Townley's alternate moments of chaos & order and tension & release.
July 4, 2015
Jennifer TownleyThe works derive from her fascination with science, with an emphasis on physics, engineering and mathematics. Geometric patterns in Islamic art or mathematical drawings of Dutch artist M. C. Escher often serve as an inspiration. Images where lines and figures match each other so perfectly they could be repeated indefinitely. This infinity, regularity and obedience is what Townley also finds fascinating about mechanical machines; they are robust, strenuous and seemingly immortal. She is captivated by how a machine can convert a simple circular motion (rotary engine) into a very complicated nonlinear or chaotic movement pattern.
Besides her love for mechanics, human perception is also an area of great interest. The capability of our brain to simplify confusing visual information is a phenomenon with many examples, like optical illusions. As humans we are extremely focused on images that are 'correct' or 'orderly' and when we recognize a pattern within chaos it brings us a certain sense of peace. Townley's sculptures often produce movements that alternate moments of chaos and order, resulting in interesting compositions of tension and relief.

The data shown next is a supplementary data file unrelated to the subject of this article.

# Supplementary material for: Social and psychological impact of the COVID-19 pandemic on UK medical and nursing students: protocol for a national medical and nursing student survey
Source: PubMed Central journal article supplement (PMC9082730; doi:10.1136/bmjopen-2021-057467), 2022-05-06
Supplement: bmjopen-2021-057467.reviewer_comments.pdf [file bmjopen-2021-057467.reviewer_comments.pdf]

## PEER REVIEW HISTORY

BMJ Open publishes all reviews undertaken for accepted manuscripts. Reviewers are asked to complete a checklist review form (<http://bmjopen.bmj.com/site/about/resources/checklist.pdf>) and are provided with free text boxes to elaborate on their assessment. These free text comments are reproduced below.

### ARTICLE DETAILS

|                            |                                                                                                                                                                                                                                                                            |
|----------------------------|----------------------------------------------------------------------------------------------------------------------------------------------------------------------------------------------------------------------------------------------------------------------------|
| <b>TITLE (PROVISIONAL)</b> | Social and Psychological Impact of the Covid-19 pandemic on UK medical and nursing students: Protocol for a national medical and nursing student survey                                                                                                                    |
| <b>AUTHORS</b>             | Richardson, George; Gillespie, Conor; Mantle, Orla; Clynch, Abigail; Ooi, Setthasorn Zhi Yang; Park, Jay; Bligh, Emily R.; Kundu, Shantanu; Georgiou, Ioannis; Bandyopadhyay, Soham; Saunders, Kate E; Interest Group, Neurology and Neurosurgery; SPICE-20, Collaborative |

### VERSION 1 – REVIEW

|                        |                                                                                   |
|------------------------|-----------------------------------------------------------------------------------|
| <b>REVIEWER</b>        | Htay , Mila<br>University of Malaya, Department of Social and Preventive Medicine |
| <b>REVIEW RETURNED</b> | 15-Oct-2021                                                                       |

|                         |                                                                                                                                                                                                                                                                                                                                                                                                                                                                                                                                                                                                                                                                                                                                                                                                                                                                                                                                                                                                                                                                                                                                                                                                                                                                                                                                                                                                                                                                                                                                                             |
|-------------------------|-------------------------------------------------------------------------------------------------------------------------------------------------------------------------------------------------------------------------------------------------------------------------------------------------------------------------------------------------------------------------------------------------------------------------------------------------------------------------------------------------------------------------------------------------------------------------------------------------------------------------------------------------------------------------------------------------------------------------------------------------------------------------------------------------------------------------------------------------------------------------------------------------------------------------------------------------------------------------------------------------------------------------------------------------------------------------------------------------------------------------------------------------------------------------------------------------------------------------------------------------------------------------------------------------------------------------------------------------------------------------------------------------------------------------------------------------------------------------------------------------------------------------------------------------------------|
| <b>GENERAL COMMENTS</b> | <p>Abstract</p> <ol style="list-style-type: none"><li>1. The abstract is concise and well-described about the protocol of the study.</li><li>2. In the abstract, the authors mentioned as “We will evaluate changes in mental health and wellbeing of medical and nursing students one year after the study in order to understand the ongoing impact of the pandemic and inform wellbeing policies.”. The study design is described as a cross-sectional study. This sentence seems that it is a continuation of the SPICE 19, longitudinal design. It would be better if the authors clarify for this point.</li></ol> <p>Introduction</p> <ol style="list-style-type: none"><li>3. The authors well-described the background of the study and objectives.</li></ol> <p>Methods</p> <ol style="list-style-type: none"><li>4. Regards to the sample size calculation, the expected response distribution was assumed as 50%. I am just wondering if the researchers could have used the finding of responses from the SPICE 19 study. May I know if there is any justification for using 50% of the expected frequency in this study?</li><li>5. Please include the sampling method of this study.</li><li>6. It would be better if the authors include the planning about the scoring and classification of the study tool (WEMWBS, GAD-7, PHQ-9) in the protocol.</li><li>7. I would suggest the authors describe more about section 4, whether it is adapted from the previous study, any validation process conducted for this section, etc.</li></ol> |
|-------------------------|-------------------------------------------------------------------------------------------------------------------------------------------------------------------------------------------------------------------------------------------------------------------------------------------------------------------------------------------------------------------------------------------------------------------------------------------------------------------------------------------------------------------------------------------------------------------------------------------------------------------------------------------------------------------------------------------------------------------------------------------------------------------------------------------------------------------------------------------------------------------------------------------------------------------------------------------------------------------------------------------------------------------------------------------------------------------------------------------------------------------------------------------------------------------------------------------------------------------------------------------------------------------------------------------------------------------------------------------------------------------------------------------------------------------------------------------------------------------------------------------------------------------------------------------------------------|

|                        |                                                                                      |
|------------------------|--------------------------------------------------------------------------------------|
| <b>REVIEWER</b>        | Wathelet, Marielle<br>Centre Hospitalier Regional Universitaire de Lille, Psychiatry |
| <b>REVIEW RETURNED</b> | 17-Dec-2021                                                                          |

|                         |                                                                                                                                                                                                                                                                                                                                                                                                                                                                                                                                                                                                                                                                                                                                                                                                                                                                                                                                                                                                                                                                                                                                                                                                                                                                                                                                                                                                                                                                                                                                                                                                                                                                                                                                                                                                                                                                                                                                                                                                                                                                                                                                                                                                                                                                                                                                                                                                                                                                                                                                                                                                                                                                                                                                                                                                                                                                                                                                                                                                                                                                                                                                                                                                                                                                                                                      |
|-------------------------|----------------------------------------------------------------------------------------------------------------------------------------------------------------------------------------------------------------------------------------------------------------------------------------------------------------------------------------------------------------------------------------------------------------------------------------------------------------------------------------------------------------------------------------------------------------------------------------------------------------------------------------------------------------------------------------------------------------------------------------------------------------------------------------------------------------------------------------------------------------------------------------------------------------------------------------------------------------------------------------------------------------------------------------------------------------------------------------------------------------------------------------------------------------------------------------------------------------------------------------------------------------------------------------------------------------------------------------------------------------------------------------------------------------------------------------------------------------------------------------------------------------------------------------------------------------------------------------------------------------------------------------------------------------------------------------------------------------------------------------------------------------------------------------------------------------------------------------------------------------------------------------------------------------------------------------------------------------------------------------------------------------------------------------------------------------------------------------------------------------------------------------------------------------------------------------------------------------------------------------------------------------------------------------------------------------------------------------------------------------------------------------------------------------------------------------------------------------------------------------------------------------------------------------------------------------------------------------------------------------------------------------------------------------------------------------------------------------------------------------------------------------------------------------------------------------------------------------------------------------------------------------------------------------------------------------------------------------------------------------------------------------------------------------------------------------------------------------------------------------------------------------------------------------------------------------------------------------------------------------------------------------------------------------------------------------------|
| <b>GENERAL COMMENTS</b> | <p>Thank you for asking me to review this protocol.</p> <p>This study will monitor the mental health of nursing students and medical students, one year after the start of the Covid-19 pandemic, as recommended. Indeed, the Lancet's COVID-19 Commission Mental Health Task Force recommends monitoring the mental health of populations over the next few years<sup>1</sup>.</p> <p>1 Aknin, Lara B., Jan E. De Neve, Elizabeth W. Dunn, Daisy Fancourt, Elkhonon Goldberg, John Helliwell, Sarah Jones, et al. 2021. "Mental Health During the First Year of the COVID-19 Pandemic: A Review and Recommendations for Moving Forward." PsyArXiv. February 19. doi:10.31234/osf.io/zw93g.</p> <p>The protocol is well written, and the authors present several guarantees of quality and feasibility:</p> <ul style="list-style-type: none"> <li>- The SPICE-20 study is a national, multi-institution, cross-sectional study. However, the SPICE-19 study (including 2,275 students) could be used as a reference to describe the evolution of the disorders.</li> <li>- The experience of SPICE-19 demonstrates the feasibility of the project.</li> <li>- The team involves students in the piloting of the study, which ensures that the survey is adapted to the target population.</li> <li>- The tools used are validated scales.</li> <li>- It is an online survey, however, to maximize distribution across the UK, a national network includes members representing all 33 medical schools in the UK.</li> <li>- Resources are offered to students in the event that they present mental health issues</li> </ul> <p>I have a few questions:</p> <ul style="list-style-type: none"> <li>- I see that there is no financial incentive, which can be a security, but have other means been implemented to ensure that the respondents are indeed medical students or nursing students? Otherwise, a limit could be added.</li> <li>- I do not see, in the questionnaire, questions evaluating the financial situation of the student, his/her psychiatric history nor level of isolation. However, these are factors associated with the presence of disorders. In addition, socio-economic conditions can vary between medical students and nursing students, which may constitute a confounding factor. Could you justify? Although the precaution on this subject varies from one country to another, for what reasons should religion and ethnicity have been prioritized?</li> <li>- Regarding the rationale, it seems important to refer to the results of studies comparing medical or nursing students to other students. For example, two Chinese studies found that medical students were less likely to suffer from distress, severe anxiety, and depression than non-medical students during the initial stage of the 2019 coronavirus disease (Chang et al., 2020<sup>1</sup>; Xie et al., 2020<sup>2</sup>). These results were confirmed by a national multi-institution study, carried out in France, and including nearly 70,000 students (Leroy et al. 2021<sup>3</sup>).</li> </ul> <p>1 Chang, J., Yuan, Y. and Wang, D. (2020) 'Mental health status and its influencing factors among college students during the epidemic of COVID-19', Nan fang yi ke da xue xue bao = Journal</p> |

The kinetic sculpture by Jennifer Townley is titled "Asinas" (2015)
Wood, metal, electric motor and mechanical parts.
The double helix that forms this mechanical sculpture produces a smooth and natural motion. It shows how a complex and organic appearing creation can be established only by repeating and alternating simple angular geometric shapes. The sixty-five white elements that form the two helixes increase in size towards the middle of the sculpture giving it a conic shape.
The elements consist of three straight line segments that are conjoined like a Z with 90 degree angles. Alternating them on the axle in a mirrored position makes the two helixes twist in opposite direction. One helix is right-handed and its elements are fixed on the axle. The elements of the left-handed helix are connected to one another through small spacers. The different ways of fixating the elements allows for the two shapes to neatly intertwine and slide through each other. By rotating them slowly in opposite directions and at slightly different speeds the structure gradually transforms.